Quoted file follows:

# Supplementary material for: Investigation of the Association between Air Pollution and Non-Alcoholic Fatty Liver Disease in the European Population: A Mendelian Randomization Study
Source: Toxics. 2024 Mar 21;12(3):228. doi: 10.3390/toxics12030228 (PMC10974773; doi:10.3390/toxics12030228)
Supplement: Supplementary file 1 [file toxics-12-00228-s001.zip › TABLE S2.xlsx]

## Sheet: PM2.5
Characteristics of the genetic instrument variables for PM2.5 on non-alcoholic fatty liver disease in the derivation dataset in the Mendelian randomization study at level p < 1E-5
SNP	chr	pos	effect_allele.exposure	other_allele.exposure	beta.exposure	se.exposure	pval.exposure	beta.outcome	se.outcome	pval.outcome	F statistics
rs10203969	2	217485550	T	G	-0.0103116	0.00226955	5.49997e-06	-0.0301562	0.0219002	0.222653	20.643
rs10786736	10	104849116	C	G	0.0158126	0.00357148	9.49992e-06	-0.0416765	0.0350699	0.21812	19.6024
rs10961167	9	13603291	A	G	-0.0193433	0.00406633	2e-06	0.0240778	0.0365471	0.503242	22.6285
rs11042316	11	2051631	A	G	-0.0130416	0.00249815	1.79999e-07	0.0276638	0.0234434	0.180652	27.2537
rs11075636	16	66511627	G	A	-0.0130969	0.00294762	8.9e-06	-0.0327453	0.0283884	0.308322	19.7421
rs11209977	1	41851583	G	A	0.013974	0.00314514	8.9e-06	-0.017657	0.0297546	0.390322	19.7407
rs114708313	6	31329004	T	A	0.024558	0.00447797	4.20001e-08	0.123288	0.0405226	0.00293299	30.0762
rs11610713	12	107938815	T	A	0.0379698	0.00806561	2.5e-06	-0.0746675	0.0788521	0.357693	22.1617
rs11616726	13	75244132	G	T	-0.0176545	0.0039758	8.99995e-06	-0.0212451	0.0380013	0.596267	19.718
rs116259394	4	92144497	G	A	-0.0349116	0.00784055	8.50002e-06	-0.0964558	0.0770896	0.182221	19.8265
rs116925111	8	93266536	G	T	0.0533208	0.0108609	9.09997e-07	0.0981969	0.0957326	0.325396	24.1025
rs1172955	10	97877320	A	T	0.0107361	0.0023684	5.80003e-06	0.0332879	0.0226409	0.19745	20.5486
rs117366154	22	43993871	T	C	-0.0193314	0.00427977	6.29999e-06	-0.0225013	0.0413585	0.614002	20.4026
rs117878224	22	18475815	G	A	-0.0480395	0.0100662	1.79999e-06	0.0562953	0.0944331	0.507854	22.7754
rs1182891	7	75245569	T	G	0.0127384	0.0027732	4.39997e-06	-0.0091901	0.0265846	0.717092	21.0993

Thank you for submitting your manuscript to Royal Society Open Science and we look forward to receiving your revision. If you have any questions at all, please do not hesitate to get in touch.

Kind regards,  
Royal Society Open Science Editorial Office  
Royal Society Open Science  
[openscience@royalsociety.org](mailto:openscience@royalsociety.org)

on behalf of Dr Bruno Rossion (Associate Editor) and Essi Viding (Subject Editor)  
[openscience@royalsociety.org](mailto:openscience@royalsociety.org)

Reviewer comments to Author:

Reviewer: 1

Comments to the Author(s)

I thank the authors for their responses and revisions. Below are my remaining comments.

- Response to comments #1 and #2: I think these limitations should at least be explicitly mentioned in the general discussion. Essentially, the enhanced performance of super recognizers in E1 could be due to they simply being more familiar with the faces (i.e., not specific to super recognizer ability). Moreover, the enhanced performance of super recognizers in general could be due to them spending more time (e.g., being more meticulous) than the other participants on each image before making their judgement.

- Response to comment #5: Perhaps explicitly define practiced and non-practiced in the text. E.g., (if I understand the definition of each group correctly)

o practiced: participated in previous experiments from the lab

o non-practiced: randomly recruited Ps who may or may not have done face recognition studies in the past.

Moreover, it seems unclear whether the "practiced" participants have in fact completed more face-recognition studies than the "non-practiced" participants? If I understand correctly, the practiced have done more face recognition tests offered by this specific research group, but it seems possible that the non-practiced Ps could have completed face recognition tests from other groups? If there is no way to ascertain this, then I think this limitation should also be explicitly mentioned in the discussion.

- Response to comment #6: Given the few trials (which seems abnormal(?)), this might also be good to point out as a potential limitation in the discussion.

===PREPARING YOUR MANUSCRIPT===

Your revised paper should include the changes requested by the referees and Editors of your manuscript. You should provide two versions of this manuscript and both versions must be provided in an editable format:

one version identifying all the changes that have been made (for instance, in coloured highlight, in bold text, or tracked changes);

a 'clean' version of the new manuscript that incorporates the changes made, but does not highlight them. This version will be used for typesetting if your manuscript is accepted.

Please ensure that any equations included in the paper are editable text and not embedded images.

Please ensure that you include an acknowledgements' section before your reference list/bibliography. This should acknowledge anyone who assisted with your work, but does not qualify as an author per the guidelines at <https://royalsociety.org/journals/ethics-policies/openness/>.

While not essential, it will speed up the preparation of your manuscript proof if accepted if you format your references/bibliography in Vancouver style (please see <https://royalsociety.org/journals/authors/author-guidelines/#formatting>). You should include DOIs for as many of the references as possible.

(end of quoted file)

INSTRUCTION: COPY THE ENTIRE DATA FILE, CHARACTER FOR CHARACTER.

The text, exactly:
# Supplementary material for: Investigation of the Association between Air Pollution and Non-Alcoholic Fatty Liver Disease in the European Population: A Mendelian Randomization Study
Source: Toxics. 2024 Mar 21;12(3):228. doi: 10.3390/toxics12030228 (PMC10974773; doi:10.3390/toxics12030228)
Supplement: Supplementary file 1 [file toxics-12-00228-s001.zip › TABLE S2.xlsx]

## Sheet: PM2.5
Characteristics of the genetic instrument variables for PM2.5 on non-alcoholic fatty liver disease in the derivation dataset in the Mendelian randomization study at level p < 1E-5
SNP	chr	pos	effect_allele.exposure	other_allele.exposure	beta.exposure	se.exposure	pval.exposure	beta.outcome	se.outcome	pval.outcome	F statistics
rs10203969	2	217485550	T	G	-0.0103116	0.00226955	5.49997e-06	-0.0301562	0.0219002	0.222653	20.643
rs10786736	10	104849116	C	G	0.0158126	0.00357148	9.49992e-06	-0.0416765	0.0350699	0.21812	19.6024
rs10961167	9	13603291	A	G	-0.0193433	0.00406633	2e-06	0.0240778	0.0365471	0.503242	22.6285
rs11042316	11	2051631	A	G	-0.0130416	0.00249815	1.79999e-07	0.0276638	0.0234434	0.180652	27.2537
rs11075636	16	66511627	G	A	-0.0130969	0.00294762	8.9e-06	-0.0327453	0.0283884	0.308322	19.7421
rs11209977	1	41851583	G	A	0.013974	0.00314514	8.9e-06	-0.017657	0.0297546	0.390322	19.7407
rs114708313	6	31329004	T	A	0.024558	0.00447797	4.20001e-08	0.123288	0.0405226	0.00293299	30.0762
rs11610713	12	107938815	T	A	0.0379698	0.00806561	2.5e-06	-0.0746675	0.0788521	0.357693	22.1617
rs11616726	13	75244132	G	T	-0.0176545	0.0039758	8.99995e-06	-0.0212451	0.0380013	0.596267	19.718
rs116259394	4	92144497	G	A	-0.0349116	0.00784055	8.50002e-06	-0.0964558	0.0770896	0.182221	19.8265
rs116925111	8	93266536	G	T	0.0533208	0.0108609	9.09997e-07	0.0981969	0.0957326	0.325396	24.1025
rs1172955	10	97877320	A	T	0.0107361	0.0023684	5.80003e-06	0.0332879	0.0226409	0.19745	20.5486
rs117366154	22	43993871	T	C	-0.0193314	0.00427977	6.29999e-06	-0.0225013	0.0413585	0.614002	20.4026
rs117878224	22	18475815	G	A	-0.0480395	0.0100662	1.79999e-06	0.0562953	0.0944331	0.507854	22.7754
rs1182891	7	75245569	T	G	0.0127384	0.0027732	4.39997e-06	-0.0091901	0.0265846	0.717092	21.0993

Thank you for submitting your manuscript to Royal Society Open Science and we look forward to receiving your revision. If you have any questions at all, please do not hesitate to get in touch.

Kind regards,  
Royal Society Open Science Editorial Office  
Royal Society Open Science  
[openscience@royalsociety.org](mailto:openscience@royalsociety.org)

on behalf of Dr Bruno Rossion (Associate Editor) and Essi Viding (Subject Editor)  
[openscience@royalsociety.org](mailto:openscience@royalsociety.org)

Reviewer comments to Author:

Reviewer: 1

Comments to the Author(s)

I thank the authors for their responses and revisions. Below are my remaining comments.

- Response to comments #1 and #2: I think these limitations should at least be explicitly mentioned in the general discussion. Essentially, the enhanced performance of super recognizers in E1 could be due to they simply being more familiar with the faces (i.e., not specific to super recognizer ability). Moreover, the enhanced performance of super recognizers in general could be due to them spending more time (e.g., being more meticulous) than the other participants on each image before making their judgement.

- Response to comment #5: Perhaps explicitly define practiced and non-practiced in the text. E.g., (if I understand the definition of each group correctly)

o practiced: participated in previous experiments from the lab

o non-practiced: randomly recruited Ps who may or may not have done face recognition studies in the past.

Moreover, it seems unclear whether the "practiced" participants have in fact completed more face-recognition studies than the "non-practiced" participants? If I understand correctly, the practiced have done more face recognition tests offered by this specific research group, but it seems possible that the non-practiced Ps could have completed face recognition tests from other groups? If there is no way to ascertain this, then I think this limitation should also be explicitly mentioned in the discussion.

- Response to comment #6: Given the few trials (which seems abnormal(?)), this might also be good to point out as a potential limitation in the discussion.

===PREPARING YOUR MANUSCRIPT===

Your revised paper should include the changes requested by the referees and Editors of your manuscript. You should provide two versions of this manuscript and both versions must be provided in an editable format:

one version identifying all the changes that have been made (for instance, in coloured highlight, in bold text, or tracked changes);

a 'clean' version of the new manuscript that incorporates the changes made, but does not highlight them. This version will be used for typesetting if your manuscript is accepted.

Please ensure that any equations included in the paper are editable text and not embedded images.

Please ensure that you include an acknowledgements' section before your reference list/bibliography. This should acknowledge anyone who assisted with your work, but does not qualify as an author per the guidelines at <https://royalsociety.org/journals/ethics-policies/openness/>.

While not essential, it will speed up the preparation of your manuscript proof if accepted if you format your references/bibliography in Vancouver style (please see <https://royalsociety.org/journals/authors/author-guidelines/#formatting>). You should include DOIs for as many of the references as possible.